November 7, 1993 |
Sitting in a West Los Angeles recording studio, just around the corner from the police station where he was booked as an accomplice to murder, gangsta rapper Snoop Doggy Dogg has two important dates on his mind. On Nov. 23, Interscope Records will release the 22-year-old Long Beach native's debut solo album, "Doggy Style." Because of Snoop's co-starring role in fellow rapper Dr. Dre's recent smash album "The Chronic," Snoop's collection is expected to enter the national pop charts at No.
April 3, 1995 |
One night last month two incidents--a music award and a killing--pointed up the relationship between artistry and violence that defines Death Row Records, the nation's hottest producer of "gangsta rap" music: The debut album of Snoop Doggy Dogg, Death Row's charismatic superstar, took top honors at the Soul Train Music Awards. A few hours after the show, a 28-year-old fan was fatally stomped at a party the company threw for its out-of-town retailers and promoters.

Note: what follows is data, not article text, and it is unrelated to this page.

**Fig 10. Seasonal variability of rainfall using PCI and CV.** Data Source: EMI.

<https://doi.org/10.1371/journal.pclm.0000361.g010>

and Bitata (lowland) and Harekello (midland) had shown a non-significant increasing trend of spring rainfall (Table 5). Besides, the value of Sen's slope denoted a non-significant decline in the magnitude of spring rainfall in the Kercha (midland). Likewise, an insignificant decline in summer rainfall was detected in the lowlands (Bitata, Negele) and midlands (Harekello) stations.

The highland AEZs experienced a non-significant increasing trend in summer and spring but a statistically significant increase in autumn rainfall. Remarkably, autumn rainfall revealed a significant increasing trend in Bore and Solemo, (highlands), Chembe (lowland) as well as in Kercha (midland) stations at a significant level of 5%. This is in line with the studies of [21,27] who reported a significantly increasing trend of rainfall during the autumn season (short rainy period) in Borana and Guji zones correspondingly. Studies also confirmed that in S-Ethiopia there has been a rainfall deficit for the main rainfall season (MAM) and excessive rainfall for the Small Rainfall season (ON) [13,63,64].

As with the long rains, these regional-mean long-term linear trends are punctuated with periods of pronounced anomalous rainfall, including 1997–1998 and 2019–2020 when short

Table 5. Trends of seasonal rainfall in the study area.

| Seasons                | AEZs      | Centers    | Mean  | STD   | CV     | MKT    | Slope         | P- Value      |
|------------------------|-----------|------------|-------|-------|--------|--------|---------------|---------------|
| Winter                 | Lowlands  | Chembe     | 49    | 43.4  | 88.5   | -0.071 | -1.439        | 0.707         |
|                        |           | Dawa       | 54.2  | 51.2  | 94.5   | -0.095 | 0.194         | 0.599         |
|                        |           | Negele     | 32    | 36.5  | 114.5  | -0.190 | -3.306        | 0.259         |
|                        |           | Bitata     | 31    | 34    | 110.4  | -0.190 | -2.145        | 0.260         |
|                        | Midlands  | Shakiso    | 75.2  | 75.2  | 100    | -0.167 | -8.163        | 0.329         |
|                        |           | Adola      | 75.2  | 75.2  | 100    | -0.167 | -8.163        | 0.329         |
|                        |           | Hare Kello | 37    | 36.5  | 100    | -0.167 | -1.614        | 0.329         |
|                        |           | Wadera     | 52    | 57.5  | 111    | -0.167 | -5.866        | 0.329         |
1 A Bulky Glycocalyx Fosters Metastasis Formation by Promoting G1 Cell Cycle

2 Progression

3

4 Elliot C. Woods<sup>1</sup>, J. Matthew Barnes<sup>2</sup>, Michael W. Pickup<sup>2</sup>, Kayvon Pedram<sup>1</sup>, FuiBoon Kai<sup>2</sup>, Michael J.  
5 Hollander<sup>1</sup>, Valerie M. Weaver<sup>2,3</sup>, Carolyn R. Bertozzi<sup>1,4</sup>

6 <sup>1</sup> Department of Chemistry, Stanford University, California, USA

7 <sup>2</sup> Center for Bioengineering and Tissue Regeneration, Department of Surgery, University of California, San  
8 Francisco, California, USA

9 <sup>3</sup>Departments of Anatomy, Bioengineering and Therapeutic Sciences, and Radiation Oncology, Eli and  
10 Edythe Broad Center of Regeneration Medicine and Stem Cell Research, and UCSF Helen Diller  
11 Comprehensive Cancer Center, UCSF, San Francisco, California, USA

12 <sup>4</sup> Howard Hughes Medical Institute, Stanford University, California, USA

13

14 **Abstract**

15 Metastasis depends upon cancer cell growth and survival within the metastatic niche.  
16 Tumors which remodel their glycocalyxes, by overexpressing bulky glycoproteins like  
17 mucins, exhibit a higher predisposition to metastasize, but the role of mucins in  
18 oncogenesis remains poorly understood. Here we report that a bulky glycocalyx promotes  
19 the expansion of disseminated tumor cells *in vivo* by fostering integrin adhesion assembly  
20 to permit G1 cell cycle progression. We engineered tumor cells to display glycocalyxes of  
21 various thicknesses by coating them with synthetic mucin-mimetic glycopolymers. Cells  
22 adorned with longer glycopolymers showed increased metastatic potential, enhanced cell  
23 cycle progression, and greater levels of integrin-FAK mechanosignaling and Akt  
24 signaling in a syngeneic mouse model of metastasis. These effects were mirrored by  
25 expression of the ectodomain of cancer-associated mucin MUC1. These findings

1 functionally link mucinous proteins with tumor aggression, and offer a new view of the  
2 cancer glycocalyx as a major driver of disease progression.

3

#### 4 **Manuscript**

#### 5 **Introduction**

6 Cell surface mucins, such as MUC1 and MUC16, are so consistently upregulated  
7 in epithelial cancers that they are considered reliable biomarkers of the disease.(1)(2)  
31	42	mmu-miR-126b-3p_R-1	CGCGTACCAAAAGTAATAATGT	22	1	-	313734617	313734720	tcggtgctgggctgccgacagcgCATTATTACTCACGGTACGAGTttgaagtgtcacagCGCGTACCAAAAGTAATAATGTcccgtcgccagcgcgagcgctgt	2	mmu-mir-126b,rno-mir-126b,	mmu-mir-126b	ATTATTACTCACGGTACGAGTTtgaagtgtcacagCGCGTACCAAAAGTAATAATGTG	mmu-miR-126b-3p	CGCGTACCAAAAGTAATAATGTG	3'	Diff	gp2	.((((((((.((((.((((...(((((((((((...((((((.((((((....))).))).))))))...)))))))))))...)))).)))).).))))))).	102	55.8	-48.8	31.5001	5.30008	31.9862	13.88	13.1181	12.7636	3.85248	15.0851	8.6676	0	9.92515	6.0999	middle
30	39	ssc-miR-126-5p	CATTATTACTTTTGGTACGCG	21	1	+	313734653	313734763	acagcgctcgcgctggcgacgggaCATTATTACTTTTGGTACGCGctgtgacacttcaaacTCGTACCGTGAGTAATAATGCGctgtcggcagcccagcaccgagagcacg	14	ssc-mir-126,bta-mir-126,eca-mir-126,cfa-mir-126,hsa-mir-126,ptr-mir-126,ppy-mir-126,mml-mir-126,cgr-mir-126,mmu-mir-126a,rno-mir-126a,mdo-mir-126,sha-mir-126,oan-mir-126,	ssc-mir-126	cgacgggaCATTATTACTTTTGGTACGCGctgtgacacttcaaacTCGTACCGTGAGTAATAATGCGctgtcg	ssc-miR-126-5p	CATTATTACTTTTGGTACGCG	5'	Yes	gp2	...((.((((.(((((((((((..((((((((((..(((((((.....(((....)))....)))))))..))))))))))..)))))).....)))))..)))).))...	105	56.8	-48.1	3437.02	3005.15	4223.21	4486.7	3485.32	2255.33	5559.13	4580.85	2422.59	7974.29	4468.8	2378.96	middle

October 6, 2001 |
EMI Group said it combined its Priority Records and Capitol Records music labels in an effort to improve efficiency and cut costs. The British company will cut 100 jobs as part of the move, Reuters reported. Under the reorganization, Priority will act as the urban music division of Capitol Records, EMI said. The administrative departments of both labels were merged.
April 4, 1994
I was displeased with the March 7 Counterpunch by Eric Taylor, "Gangsta Rap Is Deferring the Dream." His outlook seems out of focus to the reality of rap music's message. While I do agree that gangsta rap is a negative message for our youth and women, saying that it's delaying the dream or setting it back has nothing to do with the lyrics. Taylor mentions that some great leaders have striven to make lives of African Americans and others more desirable and comfortable. But only allowing black conservatives that want to be accepted to jump on the bandwagon is to keep matters the way they are!
CALIFORNIA | LOCAL
January 3, 1996
Kevin A. Ross' essay on "The Year of the Black Man" (Dec. 27) is so perverse that I had to read it twice to make sure he was serious. In a nutshell, his contention is that any publicity given black men, positive or horrendous, indicates "synergy is finally in the air" and that for "African Americans, particularly men, 1995 was the year to inhale it." To Ross, the black men and events that made '95 such a great year included Mike Tyson (for getting out of jail?), Michael Jackson (for paying millions to settle a child abuse case?